The Reaper Botnet Could Be Worse Than the Internet-Shaking Mirai Ever Was

The Mirai botnet, a collection of hijacked gadgets whose cyberattack made much of the internet inaccessible in parts of the US and beyond a year ago, previewed a dreary future of zombie connected-device armies run amuck. But in some ways, Mirai was relatively simple—especially compared to a new botnet that’s brewing.

While Mirai caused widespread outages, it impacted IP cameras and internet routers by simply exploiting their weak or default passwords. The latest botnet threat, known as alternately as IoT Troop or Reaper, has evolved that strategy, using actual software-hacking techniques to break into devices instead. It’s the difference between checking for open doors and actively picking locks—and it’s already enveloped devices on a million networks and counting.

On Friday, researchers at the Chinese security firm Qihoo 360 and the Israeli firm Check Point detailed the new IoT botnet, which builds on portions of Mirai’s code, but with a key difference: Instead of merely guessing the passwords of the devices it infects, it uses known security flaws in the code of those insecure machines, hacking in with an array of compromise tools and then spreading itself further. And while Reaper hasn’t been used for the kind of distributed denial of service attacks that Mirai and its successors have launched, that improved arsenal of features could potentially allow it to become even larger—and more dangerous—than Mirai ever was.

“The main differentiator here is that while Mirai was only exploiting devices with default credentials, this new botnet is exploiting numerous vulnerabilities in different IoT devices. The potential here is even bigger than what Mirai had,” says Maya Horowitz, the manager of Check Point’s research team. “With this version it’s much easier to recruit into this army of devices.”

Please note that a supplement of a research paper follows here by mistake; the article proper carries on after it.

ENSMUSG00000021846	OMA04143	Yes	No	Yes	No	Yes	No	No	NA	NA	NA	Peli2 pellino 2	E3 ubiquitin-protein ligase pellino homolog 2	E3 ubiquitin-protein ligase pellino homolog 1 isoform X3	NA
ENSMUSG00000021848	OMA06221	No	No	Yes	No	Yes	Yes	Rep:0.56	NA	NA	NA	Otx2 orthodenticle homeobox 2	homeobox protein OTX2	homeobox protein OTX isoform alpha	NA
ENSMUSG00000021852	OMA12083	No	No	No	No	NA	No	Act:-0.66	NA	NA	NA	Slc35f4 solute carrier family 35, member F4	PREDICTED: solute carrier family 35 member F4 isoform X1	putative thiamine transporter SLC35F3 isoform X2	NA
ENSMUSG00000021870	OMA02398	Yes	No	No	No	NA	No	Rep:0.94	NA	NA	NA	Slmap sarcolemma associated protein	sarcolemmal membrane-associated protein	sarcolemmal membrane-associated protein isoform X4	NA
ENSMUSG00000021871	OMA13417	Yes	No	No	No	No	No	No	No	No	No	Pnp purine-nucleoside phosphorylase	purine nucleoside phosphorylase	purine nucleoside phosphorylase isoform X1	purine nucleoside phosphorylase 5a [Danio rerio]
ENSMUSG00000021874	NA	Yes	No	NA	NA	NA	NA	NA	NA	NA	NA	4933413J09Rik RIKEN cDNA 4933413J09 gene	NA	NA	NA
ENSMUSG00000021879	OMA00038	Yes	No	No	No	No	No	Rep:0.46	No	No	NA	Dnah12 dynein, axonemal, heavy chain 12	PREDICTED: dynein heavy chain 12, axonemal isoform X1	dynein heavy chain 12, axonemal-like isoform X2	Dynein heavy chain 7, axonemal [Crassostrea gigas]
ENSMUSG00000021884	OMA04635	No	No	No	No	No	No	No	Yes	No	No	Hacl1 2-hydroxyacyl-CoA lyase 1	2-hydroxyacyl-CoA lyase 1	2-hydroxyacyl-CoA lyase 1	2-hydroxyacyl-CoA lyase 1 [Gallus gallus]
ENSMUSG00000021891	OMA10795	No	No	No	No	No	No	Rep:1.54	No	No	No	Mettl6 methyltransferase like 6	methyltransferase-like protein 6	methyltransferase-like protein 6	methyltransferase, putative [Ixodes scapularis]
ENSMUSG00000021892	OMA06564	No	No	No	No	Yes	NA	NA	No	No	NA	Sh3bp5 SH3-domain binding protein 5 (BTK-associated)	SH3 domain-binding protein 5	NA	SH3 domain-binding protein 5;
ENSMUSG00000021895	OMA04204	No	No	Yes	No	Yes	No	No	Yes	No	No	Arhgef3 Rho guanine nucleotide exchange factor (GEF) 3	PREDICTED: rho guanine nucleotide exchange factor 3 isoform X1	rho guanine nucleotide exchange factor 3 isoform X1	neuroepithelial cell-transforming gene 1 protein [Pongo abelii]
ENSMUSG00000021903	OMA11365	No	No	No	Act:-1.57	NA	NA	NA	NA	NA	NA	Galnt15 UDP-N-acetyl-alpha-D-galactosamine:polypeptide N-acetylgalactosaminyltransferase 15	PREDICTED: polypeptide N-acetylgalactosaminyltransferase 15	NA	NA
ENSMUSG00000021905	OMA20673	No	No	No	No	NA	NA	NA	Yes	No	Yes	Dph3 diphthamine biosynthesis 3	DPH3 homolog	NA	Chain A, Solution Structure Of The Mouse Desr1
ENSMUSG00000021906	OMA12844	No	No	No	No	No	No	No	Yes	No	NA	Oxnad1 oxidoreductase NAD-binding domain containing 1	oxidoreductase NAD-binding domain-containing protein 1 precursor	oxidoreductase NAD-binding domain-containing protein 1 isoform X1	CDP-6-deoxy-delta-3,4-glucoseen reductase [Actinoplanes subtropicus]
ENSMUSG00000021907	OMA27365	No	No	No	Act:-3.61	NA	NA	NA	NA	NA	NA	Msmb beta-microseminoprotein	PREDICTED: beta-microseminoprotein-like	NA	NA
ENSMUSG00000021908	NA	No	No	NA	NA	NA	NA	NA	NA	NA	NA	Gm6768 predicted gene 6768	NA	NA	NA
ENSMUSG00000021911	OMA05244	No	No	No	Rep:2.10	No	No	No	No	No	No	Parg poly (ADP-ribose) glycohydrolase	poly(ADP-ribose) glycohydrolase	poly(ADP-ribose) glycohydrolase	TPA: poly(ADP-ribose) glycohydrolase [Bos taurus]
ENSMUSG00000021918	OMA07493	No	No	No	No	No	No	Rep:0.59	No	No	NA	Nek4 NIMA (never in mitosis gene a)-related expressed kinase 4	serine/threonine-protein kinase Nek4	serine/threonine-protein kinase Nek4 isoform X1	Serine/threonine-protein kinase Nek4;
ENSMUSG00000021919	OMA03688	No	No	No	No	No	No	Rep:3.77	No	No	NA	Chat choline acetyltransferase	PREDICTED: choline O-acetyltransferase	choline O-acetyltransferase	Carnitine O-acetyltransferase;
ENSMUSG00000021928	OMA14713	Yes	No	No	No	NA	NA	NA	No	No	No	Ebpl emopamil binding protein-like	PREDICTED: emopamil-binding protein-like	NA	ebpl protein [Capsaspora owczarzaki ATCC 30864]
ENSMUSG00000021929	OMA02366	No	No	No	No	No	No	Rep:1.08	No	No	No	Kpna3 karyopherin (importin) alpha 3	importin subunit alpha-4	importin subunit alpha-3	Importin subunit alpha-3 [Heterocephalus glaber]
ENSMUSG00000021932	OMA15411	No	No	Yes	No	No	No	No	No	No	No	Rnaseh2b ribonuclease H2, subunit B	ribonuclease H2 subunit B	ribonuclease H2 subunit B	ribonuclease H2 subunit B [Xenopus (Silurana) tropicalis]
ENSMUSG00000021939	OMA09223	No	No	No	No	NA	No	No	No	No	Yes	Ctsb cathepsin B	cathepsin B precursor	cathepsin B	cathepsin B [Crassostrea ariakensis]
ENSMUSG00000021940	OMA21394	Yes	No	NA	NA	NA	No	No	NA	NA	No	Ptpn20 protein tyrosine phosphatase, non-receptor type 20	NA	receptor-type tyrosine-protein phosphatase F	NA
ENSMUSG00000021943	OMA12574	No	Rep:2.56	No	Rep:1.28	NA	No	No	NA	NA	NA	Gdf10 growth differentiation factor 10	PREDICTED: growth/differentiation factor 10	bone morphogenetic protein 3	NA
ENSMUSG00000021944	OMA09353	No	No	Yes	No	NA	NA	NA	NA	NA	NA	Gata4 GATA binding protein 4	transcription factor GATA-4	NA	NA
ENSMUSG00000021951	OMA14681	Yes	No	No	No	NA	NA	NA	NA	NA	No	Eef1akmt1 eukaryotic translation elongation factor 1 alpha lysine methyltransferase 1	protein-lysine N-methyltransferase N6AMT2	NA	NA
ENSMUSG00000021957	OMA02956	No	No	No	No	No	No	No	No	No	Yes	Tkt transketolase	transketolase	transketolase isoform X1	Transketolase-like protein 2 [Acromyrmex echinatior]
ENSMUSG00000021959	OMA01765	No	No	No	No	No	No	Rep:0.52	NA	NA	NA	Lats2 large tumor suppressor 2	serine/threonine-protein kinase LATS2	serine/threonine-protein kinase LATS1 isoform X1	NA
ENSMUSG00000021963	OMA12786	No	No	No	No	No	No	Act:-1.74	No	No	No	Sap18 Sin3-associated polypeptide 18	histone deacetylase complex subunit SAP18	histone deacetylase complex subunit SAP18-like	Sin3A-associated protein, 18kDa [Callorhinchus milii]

The Reaper malware has pulled together a grab-bag of IoT hacking techniques that include nine attacks affecting routers from D-Link, Netgear, and Linksys, as well as internet-connected surveillance cameras, including those sold by companies like Vacron, GoAhead, and AVTech. While many of those devices have patches available, most consumers aren’t in the habit of patching their home network router, not to mention their surveillance camera systems.

Check Point has found that fully 60 percent of the networks it tracks have been infected with the Reaper malware. And while Qihoo 360’s researchers write that some 10,000 devices in the botnet communicate daily with the command-and-control server the hackers control, they’ve found that millions of devices are “queued” in the hackers’ code, waiting for a piece of automatic “loader” software to add them to the botnet.

Check Point’s Horowitz suggests anyone who fears that their device might be compromised should check the company’s list of affected gadgets. An analysis of the IP traffic from those devices should reveal if they’re communicating with the command-and-control server helmed by the unknown hacker that’s administering the botnet, Horowitz says. But most consumers don’t have the means to do that network analysis. She suggests that if your device is on Check Point’s list, you should update it regardless, or even perform a factory reset on its firmware, which she says will wipe the malware.

As usual, though, it’s not the owners of the infected machines who will pay the real price for allowing Reaper to persist and grow. Instead, the victims would be the potential targets of that botnet once its owner unleashes its full DDoS firepower. In the case of Reaper, the potentially millions of machines it’s amassing could be a serious threat: Mirai, which McAfee measured as having infected 2.5 million devices at the end of 2016, was able to use those devices to bombard the DNS provider Dyn with junk traffic that wiped major targets off the face of the internet in October of last year, including Spotify, Reddit, and The New York Times.